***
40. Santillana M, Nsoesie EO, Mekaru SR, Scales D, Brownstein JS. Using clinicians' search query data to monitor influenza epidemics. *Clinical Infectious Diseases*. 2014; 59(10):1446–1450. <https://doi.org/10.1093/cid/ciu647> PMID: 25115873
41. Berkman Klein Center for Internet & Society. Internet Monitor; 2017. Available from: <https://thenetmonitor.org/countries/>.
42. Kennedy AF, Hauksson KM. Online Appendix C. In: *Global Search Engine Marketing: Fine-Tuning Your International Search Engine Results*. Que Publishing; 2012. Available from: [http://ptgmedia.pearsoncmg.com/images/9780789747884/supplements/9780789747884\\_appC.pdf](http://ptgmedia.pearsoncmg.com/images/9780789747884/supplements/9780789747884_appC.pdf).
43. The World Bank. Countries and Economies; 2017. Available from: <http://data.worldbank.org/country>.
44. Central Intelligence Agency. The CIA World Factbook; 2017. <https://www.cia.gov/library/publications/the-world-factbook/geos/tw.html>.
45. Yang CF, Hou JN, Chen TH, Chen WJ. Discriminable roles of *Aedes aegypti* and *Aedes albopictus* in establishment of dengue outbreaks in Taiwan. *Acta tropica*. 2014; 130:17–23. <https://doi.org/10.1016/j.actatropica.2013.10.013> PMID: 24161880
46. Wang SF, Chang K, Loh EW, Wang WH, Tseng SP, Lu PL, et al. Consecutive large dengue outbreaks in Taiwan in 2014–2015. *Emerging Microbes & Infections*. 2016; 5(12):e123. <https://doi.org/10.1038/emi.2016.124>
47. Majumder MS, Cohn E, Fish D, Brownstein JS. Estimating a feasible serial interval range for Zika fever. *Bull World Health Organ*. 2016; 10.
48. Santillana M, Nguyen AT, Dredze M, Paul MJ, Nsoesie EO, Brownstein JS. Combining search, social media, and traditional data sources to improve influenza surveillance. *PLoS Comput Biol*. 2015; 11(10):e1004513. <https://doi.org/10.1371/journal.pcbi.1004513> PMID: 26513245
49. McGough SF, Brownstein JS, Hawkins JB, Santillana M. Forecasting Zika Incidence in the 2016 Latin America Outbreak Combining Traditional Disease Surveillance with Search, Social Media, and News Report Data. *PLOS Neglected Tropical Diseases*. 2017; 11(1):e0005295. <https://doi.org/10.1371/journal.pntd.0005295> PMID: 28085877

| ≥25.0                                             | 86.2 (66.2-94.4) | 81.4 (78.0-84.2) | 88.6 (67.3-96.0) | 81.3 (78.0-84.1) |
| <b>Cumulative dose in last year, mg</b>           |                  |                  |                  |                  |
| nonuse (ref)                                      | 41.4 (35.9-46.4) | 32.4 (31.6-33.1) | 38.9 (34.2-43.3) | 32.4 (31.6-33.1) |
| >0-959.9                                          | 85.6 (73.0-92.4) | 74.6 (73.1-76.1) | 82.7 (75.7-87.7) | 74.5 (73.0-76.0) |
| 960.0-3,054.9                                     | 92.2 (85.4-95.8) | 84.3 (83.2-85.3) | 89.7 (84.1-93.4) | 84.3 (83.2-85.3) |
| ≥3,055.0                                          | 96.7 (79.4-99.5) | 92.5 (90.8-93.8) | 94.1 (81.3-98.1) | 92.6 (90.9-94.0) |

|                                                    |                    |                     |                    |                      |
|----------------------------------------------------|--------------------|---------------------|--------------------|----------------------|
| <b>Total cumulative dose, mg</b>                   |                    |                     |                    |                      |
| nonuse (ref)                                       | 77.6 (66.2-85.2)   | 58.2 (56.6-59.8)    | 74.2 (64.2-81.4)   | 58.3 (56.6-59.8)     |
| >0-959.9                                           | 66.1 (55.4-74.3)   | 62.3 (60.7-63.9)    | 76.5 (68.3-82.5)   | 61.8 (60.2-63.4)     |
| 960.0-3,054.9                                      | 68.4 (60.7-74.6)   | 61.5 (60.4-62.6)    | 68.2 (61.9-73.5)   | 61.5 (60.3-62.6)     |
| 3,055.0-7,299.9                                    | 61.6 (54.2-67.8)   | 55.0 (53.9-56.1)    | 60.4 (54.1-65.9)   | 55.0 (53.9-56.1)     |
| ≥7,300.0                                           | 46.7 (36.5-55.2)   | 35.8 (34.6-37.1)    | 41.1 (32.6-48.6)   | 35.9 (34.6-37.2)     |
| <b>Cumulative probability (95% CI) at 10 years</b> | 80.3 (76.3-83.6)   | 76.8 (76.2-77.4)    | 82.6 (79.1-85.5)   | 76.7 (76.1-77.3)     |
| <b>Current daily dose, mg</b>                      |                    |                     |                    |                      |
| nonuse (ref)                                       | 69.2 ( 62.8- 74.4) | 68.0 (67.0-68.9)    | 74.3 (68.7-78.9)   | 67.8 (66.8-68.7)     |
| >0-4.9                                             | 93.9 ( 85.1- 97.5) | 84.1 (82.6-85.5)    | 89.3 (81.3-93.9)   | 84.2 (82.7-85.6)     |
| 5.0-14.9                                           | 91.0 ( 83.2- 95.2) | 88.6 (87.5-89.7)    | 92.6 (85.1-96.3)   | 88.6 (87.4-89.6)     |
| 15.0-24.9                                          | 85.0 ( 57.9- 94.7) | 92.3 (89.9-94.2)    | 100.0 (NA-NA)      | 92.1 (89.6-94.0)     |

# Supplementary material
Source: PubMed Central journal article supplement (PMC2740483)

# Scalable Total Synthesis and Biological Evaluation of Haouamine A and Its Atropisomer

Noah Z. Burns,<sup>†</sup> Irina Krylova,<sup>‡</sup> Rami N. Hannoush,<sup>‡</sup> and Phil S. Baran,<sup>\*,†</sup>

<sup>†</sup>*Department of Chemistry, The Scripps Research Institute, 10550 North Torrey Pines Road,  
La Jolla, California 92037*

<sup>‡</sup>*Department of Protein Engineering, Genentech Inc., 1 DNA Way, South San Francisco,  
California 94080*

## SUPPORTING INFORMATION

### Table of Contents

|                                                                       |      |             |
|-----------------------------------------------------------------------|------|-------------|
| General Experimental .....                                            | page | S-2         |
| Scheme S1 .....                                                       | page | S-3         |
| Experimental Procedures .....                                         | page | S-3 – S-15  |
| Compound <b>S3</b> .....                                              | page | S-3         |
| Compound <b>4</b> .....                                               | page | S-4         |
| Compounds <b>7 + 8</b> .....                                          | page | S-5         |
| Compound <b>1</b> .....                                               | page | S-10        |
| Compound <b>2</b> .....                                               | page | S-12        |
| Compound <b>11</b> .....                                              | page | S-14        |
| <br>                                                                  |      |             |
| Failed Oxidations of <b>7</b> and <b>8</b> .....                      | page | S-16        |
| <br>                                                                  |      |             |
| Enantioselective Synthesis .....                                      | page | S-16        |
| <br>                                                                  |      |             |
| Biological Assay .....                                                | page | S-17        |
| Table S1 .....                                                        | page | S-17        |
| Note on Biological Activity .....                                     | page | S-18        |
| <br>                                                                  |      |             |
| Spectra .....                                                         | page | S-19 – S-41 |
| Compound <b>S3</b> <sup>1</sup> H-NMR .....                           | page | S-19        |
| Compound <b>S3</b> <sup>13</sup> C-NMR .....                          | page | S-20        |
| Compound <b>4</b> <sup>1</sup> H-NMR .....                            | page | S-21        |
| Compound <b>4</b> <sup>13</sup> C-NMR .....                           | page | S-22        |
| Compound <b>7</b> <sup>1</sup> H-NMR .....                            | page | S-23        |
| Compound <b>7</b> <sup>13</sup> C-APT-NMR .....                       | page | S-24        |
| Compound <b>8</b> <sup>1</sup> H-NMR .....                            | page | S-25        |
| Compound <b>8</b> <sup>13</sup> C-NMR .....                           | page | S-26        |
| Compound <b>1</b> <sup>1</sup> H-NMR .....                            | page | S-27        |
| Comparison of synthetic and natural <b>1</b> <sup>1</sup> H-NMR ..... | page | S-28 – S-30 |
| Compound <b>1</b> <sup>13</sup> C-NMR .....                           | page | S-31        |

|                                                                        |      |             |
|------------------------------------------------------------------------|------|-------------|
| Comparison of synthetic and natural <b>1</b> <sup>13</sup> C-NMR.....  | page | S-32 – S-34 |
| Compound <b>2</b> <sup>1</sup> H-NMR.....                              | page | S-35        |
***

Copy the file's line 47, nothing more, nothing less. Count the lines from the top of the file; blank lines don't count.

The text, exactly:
| Compound <b>4</b> .....                                               | page | S-4         |